NICOLAS NIHON: Compromise,dialogue way to go


On November 15, Belgium celebrates King’s Day. We honour His Majesty King Philippe, our head of state. A state that has undergone tremendous change since its foundation in 1830. What used to be a centralist structure administered on the basis of one language morphed during the 20th century into a federal state with three official languages. Federated entities now enjoy fundamental competencies such as education and research, public works, agriculture and environment.

This devolution did not take place to fulfil some political ambitions but out of a necessity to accommodate different views and needs expressed by different communities more and more conscious of their respective identities, nestled in a territory roughly the size of Tana River county. This is probably why Belgium feels very much attuned to the devolution process in Kenya.

The subsidiary principle, according to which a competency should be exercised at the most adequate level, the reliability of financial transfers from the national level to the federated entities according to their needs but also on the basis of their contribution to the wealth of the nation, mechanisms of consultation and dispute settlements to prevent competence overlap and defuse tensions between the different levels — are all at core of the Belgian federal system.

This system is not perfect and constantly evolving. As Kenyans know, devolution is a day-to-day learning experience for politicians where empathy for the interlocutor, dedication to serve the population and the sense for compromise make a crucial difference. I can only praise President Uhuru Kenyatta and Honourable Raila Odinga for shaking hands and finding a middle ground to overcome longstanding grievances.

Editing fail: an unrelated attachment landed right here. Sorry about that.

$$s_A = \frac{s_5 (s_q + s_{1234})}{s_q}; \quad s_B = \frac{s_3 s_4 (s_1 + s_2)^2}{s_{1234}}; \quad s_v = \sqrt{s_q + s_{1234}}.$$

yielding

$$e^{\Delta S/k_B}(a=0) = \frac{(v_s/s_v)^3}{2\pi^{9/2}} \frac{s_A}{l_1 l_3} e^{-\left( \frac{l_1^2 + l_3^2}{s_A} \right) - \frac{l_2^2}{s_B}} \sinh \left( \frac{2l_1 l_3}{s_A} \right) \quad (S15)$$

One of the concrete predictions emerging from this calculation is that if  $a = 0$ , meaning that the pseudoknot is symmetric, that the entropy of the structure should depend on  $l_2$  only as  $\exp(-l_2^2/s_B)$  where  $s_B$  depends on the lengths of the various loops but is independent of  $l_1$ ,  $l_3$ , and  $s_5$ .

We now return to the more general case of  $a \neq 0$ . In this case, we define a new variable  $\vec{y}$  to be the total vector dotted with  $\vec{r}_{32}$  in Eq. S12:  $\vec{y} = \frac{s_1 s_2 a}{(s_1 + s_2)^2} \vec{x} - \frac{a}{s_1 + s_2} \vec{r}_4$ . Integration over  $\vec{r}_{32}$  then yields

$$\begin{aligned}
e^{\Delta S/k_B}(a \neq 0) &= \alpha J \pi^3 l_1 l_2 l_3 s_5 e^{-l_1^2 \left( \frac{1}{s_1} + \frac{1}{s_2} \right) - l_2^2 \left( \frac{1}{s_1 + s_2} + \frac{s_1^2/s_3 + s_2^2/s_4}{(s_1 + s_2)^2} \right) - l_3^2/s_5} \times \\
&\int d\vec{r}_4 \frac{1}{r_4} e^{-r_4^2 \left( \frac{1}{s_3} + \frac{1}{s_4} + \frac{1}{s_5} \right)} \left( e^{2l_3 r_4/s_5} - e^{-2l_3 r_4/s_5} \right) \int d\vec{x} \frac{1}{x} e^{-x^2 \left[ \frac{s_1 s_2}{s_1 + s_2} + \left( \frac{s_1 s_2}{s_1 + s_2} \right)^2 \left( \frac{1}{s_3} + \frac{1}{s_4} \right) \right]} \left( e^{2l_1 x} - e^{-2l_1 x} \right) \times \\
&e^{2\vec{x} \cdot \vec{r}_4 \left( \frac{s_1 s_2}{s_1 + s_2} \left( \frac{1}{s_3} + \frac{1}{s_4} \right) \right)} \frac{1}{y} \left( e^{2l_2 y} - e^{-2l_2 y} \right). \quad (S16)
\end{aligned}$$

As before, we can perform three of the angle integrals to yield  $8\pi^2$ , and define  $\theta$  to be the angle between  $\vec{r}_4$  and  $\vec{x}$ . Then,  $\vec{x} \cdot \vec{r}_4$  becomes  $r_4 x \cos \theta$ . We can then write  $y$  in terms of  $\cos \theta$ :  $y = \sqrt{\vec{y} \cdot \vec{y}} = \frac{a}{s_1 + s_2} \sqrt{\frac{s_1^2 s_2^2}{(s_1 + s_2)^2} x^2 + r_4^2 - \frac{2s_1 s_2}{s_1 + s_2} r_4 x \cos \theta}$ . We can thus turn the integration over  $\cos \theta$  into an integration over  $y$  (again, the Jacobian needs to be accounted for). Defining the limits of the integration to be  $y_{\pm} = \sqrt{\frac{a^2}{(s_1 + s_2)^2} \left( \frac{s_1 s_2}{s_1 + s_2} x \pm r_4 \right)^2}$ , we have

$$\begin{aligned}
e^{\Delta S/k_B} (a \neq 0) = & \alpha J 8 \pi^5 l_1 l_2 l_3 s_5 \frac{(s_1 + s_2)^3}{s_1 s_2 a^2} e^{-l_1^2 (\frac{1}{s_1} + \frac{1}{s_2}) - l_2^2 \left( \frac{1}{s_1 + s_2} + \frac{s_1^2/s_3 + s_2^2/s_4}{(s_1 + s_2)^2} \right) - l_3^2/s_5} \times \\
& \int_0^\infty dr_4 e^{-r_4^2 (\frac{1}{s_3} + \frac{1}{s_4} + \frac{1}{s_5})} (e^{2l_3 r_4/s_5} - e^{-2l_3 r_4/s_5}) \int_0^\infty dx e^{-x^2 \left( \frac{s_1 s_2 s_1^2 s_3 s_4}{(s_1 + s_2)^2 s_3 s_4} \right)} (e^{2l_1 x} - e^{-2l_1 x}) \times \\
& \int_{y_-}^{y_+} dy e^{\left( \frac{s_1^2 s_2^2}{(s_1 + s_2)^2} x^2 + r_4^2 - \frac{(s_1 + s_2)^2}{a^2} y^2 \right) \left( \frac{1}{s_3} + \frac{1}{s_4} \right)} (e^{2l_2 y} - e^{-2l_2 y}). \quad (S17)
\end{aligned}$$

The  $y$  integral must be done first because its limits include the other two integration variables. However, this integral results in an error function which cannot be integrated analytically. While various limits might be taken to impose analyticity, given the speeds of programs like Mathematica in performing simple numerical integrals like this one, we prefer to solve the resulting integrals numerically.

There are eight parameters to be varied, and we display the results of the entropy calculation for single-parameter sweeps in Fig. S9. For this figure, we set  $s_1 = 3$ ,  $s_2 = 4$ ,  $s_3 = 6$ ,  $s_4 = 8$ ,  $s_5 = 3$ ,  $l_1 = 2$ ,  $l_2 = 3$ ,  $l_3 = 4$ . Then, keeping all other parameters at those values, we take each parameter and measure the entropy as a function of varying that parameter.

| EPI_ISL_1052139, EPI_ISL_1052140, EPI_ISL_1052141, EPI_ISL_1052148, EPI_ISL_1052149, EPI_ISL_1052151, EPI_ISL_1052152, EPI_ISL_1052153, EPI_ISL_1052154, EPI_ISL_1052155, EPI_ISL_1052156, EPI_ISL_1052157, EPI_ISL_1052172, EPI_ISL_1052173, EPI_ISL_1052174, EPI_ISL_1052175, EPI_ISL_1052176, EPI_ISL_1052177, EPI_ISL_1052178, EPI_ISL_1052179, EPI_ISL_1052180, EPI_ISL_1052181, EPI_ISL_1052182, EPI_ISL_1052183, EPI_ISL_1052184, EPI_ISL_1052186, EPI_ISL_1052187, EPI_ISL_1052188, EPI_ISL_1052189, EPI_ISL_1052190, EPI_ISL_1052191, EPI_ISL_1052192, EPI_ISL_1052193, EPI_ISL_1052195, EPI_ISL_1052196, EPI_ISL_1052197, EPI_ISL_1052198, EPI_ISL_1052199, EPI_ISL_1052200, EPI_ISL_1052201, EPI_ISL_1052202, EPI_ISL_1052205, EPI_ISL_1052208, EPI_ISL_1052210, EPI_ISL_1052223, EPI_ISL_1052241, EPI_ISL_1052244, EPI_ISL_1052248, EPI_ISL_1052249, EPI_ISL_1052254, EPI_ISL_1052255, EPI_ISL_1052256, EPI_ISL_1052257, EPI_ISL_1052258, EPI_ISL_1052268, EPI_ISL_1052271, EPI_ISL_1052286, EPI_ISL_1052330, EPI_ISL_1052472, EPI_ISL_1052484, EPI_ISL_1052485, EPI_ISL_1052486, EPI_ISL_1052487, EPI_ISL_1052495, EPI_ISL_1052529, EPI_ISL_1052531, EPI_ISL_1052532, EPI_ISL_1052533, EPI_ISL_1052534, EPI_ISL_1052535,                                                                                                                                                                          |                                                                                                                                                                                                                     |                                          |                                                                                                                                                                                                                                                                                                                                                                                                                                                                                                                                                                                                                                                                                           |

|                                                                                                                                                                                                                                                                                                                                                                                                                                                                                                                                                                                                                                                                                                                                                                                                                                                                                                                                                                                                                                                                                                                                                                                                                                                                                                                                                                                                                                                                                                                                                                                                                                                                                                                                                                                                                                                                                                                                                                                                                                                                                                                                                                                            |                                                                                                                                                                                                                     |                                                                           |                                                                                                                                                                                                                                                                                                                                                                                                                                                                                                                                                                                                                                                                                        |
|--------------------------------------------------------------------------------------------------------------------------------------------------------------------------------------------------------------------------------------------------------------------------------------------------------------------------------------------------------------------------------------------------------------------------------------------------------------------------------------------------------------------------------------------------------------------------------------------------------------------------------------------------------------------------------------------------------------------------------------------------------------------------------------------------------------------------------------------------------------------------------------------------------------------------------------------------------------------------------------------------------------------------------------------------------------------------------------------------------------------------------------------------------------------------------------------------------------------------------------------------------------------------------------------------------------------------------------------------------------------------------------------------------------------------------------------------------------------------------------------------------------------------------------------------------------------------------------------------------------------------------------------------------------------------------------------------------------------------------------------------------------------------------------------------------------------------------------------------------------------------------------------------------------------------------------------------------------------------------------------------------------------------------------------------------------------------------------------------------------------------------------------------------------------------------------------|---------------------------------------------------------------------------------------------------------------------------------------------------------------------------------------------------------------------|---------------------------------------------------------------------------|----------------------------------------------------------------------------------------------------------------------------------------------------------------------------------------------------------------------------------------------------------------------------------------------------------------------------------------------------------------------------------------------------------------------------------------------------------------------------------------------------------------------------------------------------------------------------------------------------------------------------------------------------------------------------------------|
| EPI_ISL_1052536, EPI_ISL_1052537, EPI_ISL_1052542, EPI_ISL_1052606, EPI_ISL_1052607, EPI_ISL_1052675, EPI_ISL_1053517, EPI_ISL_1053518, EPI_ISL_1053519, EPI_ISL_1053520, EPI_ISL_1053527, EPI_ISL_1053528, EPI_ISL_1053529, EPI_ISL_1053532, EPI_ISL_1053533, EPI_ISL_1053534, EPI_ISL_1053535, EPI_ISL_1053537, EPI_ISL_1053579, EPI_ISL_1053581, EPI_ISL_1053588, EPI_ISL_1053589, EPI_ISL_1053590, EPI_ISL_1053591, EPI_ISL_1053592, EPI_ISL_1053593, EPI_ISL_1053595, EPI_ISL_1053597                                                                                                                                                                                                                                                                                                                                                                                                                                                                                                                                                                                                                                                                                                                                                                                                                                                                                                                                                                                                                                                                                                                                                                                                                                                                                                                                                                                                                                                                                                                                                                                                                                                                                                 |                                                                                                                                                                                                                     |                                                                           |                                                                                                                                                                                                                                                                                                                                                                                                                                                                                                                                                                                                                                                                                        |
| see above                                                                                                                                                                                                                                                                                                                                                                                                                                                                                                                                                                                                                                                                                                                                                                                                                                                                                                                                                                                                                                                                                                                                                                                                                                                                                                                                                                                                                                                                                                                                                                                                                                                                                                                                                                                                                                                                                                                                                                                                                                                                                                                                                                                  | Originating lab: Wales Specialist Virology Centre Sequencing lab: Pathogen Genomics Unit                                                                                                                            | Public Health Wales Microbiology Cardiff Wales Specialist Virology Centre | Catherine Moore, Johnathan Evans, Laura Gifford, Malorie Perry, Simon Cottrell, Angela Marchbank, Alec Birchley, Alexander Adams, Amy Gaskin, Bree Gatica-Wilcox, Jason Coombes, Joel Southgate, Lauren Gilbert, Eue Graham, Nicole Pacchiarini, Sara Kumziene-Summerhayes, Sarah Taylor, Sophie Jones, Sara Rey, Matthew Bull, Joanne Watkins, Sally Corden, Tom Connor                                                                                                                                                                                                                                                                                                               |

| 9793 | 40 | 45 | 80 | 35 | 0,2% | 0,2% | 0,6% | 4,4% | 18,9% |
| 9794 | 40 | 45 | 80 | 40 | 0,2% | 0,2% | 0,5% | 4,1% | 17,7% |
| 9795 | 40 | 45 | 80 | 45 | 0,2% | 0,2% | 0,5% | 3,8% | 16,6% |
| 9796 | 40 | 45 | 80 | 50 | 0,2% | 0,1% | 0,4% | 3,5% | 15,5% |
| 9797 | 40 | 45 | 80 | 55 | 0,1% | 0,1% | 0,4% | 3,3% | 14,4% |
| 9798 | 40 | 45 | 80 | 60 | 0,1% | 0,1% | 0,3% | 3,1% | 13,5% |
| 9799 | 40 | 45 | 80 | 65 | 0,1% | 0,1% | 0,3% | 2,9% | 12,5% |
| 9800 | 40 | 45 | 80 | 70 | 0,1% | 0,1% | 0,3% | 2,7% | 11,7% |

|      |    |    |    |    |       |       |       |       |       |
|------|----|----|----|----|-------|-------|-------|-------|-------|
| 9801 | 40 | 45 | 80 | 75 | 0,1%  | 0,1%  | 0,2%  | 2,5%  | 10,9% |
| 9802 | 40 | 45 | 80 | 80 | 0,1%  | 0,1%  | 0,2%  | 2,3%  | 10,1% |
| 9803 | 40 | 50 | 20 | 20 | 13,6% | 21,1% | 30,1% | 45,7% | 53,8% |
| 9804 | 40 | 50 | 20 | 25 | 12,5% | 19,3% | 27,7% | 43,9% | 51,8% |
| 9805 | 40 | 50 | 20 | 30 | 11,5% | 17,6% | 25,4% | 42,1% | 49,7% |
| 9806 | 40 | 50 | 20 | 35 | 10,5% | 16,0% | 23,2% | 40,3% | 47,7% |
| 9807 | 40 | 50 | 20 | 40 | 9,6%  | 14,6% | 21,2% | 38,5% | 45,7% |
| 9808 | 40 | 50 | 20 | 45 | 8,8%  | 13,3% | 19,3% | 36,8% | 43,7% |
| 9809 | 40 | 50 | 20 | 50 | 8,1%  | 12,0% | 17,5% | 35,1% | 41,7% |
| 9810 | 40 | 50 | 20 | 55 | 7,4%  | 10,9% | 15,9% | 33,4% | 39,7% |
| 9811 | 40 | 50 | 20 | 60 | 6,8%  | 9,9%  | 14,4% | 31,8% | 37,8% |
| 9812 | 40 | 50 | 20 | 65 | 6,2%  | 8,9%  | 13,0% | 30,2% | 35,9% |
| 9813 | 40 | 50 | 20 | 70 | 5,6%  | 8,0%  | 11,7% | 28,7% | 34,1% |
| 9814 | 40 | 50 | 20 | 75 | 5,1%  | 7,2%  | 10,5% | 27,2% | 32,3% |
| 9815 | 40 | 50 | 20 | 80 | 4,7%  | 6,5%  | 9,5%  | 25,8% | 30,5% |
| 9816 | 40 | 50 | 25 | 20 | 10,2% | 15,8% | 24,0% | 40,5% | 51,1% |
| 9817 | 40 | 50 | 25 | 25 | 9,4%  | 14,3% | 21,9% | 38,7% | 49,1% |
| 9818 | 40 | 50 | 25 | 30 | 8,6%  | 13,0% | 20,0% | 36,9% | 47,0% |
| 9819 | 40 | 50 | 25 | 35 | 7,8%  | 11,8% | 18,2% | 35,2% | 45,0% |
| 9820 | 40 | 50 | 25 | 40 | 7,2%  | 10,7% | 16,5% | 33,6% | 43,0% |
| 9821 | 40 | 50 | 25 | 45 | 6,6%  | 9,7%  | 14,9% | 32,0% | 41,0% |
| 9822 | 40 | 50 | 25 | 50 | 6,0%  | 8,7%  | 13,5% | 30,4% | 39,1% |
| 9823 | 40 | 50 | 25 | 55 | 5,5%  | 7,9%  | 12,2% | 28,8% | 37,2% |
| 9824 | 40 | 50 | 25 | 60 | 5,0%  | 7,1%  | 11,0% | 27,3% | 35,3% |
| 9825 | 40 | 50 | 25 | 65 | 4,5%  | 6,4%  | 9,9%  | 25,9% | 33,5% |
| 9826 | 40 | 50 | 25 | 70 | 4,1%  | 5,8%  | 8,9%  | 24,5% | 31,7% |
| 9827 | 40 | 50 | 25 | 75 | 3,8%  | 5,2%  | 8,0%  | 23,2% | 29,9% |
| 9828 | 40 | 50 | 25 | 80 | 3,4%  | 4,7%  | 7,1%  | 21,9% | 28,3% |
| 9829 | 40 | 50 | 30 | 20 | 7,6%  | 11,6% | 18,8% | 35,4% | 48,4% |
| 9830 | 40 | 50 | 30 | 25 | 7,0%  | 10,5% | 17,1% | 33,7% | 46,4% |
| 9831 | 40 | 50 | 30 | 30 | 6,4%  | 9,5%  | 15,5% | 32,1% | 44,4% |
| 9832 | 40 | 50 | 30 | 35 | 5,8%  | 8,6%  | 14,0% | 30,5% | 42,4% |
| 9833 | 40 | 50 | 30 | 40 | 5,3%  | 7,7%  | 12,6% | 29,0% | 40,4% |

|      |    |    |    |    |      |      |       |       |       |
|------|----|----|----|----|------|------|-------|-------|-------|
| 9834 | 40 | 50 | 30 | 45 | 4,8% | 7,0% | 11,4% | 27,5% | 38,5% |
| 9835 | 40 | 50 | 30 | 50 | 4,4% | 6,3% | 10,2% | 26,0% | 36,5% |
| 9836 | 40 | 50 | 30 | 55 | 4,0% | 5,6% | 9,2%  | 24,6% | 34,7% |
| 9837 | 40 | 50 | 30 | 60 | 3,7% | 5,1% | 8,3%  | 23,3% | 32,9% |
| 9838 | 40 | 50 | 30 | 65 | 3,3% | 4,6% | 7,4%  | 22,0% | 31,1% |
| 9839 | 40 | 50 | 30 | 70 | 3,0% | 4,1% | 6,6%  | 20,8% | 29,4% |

Belgium established diplomatic relations with Kenya in 1963. They enjoy since then, cordial relations made up of cooperation in education and research, cultural exchanges and trade. Today, the support of my country to Kenya primarily focusses on the creation of non-commercial infrastructures such as water pumping and distribution, pedestrian bridges, medical waste treatment or firefighting trucks.

I was recently in the hills of Kajiado county to see for myself how a Belgian soft loan for digging waterholes can make a crucial difference for the local communities, especially for women and girls who are usually assigned to fetch water no matter the distance, to the detriment of their own education.

Today the mwananchi is asking himself or herself questions about the loans taken by the government, which is perfectly understandable. But loans are not all the same. If a project represents a real investment, for the public good, and without imposing a burden on future generations, it is worth it. This is, of course, a judgement call that every public decision-maker has to make, be it Europe or Africa.

The capital of Belgium, Brussels, is the headquarters of the European Union. After 60 years of peace and success uniting a continent once divided, the EU is facing tough challenges, like everybody else in this fast- changing world where populists or nationalists and their ‘easy’ solutions and aggressive posturing bring us closer to a new catastrophe. How can our memory be so short?

A few days ago, we commemorated the centennial of the end of World War I, a conflict where thousands of Africans were drawn into by the mere fact of being colonised by the warring parties.

In Belgium, entire towns were wiped out, hundreds of thousands of young men from the allied forces died in the Flanders fields, the same fields which a century later still regurgitate dangerous explosives. Across the world, putting aside egos and engaging in dialogue has never been more important. “Try to see it my way,” used to sing a famous British band; “we can work it out.”

I want to commend the Republic of Kenya, a key regional actor, for its mediation in South Sudan and for the price paid by its soldiers in Somalia. The European Union wants to partner with Kenya in maintaining international peace and security in Africa. Soon, Belgium and Kenya will both sit on the UN Security Council. With the sense of dialogue and compromise that characterises our leaders, this will represent a great opportunity to contribute to a safer more peaceful world.

Long live to His Majesty King Philippe and to the bonds of affection between our nations!

Ambassador of Belgium to Kenya